Apparently, there was  an olive tree that grew on the other side  of the wall whose branches reached into the patio area. The olives had grown to size and had been plopping on to the tiled floor below and Jetta had made a buffet of the fallen, slightly unripe olives. We frantically checked Google to make sure that olives wouldn't hurt a dog and then invested in a big roll of poop bags.

Glacier's Oral Fixations
Since the day I got him, I thought Glacier should have been an assistance dog who used his mouth to help instead of a guide dog. He liked/likes to pick things up and carry them around with him. He doesn't usually chew/destroy the objects, just presents them to people proudly. A few days after getting Glacier at LDB, I was headed down to the dining room for lunch. It was a Sunday and I had worked out  earlier in the day and had left my gross gym clothes on the bathroom floor. Glacier was on leash with me at all times, or on tie down, so I wasn't worried  about him ingesting  a sock or something. Before going to lunch, I stopped in the bathroom to wash my hands and then headed out. Glacier was particularly excited to be off to lunch. He was prancing along beside me tossing his head around and just generally being silly. About half way to the dining room I realised that this prancing was not normal, so I stopped him and had him "sit." He sat and I heard something hit the floor. I searched the floor with my hand and found my gym bra, soaked in slobber lying close to Glacier's paws. I promptly reversed our direction and returned the bra to my room and put it safely into my laundry bag, along with any other clothing articles Glacier may take for a walk with him.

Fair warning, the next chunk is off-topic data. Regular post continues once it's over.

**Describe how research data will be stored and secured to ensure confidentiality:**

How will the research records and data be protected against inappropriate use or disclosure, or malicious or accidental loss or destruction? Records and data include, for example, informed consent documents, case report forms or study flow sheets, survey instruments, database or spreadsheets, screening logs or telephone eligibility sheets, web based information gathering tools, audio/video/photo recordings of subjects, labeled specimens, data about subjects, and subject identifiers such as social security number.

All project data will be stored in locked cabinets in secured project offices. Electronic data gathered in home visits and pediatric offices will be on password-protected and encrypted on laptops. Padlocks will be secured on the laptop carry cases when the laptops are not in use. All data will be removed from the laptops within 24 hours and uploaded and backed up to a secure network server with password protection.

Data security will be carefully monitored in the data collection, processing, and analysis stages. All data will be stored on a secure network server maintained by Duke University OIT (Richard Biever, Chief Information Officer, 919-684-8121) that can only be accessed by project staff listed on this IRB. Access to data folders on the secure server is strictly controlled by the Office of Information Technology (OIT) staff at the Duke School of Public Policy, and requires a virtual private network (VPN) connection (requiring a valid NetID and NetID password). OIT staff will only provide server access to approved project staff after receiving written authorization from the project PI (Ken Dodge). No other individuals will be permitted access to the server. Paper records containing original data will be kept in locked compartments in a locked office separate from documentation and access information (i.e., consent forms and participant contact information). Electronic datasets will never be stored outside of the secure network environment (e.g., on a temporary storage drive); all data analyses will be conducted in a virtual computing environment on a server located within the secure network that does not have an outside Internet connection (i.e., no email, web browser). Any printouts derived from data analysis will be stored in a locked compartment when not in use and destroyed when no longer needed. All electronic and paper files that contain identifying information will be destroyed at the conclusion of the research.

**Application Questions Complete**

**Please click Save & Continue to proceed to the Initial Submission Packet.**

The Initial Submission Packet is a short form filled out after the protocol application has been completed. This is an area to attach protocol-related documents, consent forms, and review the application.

To this day, if someone comes to the door Glacier feels it necessary to pick something, or maybe a few somethings, up in his mouth and trot/prance happily around, showing the new visitor his prizes. Sometimes he stuffs two toys and a shoe in there. How they fit I will never know. Just the other day, when I was packing up  some stuff to send to the women's shelter, Glacier came into the living room carrying his bowl and a plastic dish I was donating as a result of our move to Scotland. Both dishes are quite large and I was astonished that he managed to get them both in his mouth. The good thing is, I've taught him to bring me such things now and drop them, instead of racing around playing "keep away."

Grumpy Bear Had To Go